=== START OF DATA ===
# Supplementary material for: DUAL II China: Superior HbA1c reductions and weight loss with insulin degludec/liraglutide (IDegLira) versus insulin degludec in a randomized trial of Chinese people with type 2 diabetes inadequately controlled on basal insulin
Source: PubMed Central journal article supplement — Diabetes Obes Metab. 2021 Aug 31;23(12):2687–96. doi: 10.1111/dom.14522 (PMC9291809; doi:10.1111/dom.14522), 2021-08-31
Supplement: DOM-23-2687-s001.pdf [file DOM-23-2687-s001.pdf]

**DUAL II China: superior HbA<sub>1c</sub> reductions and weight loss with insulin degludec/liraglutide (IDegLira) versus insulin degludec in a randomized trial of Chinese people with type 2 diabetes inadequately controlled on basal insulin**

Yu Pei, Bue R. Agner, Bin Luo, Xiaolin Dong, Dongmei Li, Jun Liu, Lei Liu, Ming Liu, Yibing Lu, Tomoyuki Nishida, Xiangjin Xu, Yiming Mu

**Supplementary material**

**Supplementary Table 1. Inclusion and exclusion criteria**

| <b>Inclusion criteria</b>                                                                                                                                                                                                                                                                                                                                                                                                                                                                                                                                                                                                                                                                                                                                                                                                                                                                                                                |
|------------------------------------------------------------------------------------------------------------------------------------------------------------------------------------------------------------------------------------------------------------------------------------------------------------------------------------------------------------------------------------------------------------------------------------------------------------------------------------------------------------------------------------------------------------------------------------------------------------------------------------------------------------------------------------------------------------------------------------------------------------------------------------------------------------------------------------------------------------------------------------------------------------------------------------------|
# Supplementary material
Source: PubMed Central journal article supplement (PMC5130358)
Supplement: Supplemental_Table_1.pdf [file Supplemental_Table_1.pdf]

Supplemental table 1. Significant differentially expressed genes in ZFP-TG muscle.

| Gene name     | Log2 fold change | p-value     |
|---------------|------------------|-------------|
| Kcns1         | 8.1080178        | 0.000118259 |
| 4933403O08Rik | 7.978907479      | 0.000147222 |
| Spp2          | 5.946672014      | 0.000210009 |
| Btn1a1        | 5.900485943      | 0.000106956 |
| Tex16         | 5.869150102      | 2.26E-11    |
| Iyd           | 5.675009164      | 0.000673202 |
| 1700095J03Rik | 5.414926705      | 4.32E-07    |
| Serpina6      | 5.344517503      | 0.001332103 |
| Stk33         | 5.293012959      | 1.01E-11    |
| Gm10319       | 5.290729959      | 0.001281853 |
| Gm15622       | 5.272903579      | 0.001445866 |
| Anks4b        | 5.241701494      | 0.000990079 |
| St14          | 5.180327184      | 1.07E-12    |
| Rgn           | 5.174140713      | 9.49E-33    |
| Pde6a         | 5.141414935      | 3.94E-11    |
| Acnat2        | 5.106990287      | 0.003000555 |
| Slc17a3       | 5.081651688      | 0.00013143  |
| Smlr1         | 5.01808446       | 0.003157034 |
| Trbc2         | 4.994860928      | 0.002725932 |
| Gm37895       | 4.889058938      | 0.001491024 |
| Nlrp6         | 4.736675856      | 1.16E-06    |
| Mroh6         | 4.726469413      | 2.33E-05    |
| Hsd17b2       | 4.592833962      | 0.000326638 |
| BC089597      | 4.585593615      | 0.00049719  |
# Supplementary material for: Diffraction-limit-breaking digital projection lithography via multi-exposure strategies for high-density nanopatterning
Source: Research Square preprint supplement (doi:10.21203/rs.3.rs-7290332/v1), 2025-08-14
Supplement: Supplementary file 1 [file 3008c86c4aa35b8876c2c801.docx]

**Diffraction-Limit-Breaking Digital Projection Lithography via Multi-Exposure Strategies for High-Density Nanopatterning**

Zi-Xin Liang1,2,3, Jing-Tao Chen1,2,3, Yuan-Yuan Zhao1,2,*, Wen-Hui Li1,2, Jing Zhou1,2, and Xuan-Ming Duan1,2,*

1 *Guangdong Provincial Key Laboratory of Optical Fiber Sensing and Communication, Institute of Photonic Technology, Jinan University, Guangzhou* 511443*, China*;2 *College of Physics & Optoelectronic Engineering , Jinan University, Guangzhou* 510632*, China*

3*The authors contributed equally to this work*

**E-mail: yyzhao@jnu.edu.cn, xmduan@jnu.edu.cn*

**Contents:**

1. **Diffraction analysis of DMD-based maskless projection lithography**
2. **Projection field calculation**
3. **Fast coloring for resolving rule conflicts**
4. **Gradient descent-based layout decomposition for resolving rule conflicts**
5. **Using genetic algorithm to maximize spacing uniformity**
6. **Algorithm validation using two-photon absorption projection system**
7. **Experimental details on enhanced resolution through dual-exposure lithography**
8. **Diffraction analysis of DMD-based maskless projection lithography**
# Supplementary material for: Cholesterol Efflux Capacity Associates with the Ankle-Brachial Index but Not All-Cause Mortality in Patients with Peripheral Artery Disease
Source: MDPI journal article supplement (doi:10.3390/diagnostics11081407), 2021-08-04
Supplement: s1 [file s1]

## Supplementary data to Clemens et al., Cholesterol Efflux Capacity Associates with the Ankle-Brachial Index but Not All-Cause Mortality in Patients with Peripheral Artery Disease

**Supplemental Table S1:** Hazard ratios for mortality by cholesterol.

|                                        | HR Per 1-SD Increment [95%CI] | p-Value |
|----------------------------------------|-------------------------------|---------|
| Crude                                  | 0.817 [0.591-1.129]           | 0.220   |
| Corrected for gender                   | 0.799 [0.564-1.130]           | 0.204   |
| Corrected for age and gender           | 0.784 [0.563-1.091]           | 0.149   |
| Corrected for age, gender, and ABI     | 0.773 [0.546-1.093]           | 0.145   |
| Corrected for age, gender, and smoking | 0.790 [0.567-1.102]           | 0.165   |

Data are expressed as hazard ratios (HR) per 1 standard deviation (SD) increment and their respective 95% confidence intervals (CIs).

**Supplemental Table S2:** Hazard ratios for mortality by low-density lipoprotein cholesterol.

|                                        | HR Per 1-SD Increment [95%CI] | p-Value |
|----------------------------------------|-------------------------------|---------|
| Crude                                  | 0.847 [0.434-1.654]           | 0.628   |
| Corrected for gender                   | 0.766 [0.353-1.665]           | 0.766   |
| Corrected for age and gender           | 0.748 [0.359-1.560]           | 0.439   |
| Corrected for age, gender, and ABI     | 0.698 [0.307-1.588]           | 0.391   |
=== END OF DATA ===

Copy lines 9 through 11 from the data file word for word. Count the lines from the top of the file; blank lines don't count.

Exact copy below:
|------------------------------------------------------------------------------------------------------------------------------------------------------------------------------------------------------------------------------------------------------------------------------------------------------------------------------------------------------------------------------------------------------------------------------------------------------------------------------------------------------------------------------------------------------------------------------------------------------------------------------------------------------------------------------------------------------------------------------------------------------------------------------------------------------------------------------------------------------------------------------------------------------------------------------------------|
# Supplementary material
Source: PubMed Central journal article supplement (PMC5130358)